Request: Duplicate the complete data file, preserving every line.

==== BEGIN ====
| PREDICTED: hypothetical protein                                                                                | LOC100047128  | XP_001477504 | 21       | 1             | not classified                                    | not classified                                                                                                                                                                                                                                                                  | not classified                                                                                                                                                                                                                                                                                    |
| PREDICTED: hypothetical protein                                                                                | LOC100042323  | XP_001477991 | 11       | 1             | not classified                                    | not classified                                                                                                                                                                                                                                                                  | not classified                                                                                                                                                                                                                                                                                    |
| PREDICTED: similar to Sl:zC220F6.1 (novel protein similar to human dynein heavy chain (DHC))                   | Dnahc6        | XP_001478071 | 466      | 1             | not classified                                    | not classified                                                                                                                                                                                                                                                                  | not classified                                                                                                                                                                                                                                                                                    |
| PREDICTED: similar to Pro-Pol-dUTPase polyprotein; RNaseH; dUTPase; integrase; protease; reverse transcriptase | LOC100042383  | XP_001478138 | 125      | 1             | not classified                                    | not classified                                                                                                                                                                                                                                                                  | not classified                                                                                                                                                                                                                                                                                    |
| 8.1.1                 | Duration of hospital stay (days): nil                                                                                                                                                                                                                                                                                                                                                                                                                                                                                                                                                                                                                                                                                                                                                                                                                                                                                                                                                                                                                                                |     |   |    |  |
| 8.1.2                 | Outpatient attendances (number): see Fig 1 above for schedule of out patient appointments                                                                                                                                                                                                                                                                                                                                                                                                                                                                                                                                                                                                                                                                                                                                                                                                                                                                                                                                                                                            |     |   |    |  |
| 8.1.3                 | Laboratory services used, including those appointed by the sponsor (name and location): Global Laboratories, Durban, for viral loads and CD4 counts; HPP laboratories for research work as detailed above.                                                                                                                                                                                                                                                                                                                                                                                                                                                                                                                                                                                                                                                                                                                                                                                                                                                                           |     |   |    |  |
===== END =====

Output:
| PREDICTED: hypothetical protein                                                                                | LOC100047128  | XP_001477504 | 21       | 1             | not classified                                    | not classified                                                                                                                                                                                                                                                                  | not classified                                                                                                                                                                                                                                                                                    |
| PREDICTED: hypothetical protein                                                                                | LOC100042323  | XP_001477991 | 11       | 1             | not classified                                    | not classified                                                                                                                                                                                                                                                                  | not classified                                                                                                                                                                                                                                                                                    |
| PREDICTED: similar to Sl:zC220F6.1 (novel protein similar to human dynein heavy chain (DHC))                   | Dnahc6        | XP_001478071 | 466      | 1             | not classified                                    | not classified                                                                                                                                                                                                                                                                  | not classified                                                                                                                                                                                                                                                                                    |
| PREDICTED: similar to Pro-Pol-dUTPase polyprotein; RNaseH; dUTPase; integrase; protease; reverse transcriptase | LOC100042383  | XP_001478138 | 125      | 1             | not classified                                    | not classified                                                                                                                                                                                                                                                                  | not classified                                                                                                                                                                                                                                                                                    |
| 8.1.1                 | Duration of hospital stay (days): nil                                                                                                                                                                                                                                                                                                                                                                                                                                                                                                                                                                                                                                                                                                                                                                                                                                                                                                                                                                                                                                                |     |   |    |  |
| 8.1.2                 | Outpatient attendances (number): see Fig 1 above for schedule of out patient appointments                                                                                                                                                                                                                                                                                                                                                                                                                                                                                                                                                                                                                                                                                                                                                                                                                                                                                                                                                                                            |     |   |    |  |
| 8.1.3                 | Laboratory services used, including those appointed by the sponsor (name and location): Global Laboratories, Durban, for viral loads and CD4 counts; HPP laboratories for research work as detailed above.                                                                                                                                                                                                                                                                                                                                                                                                                                                                                                                                                                                                                                                                                                                                                                                                                                                                           |     |   |    |  |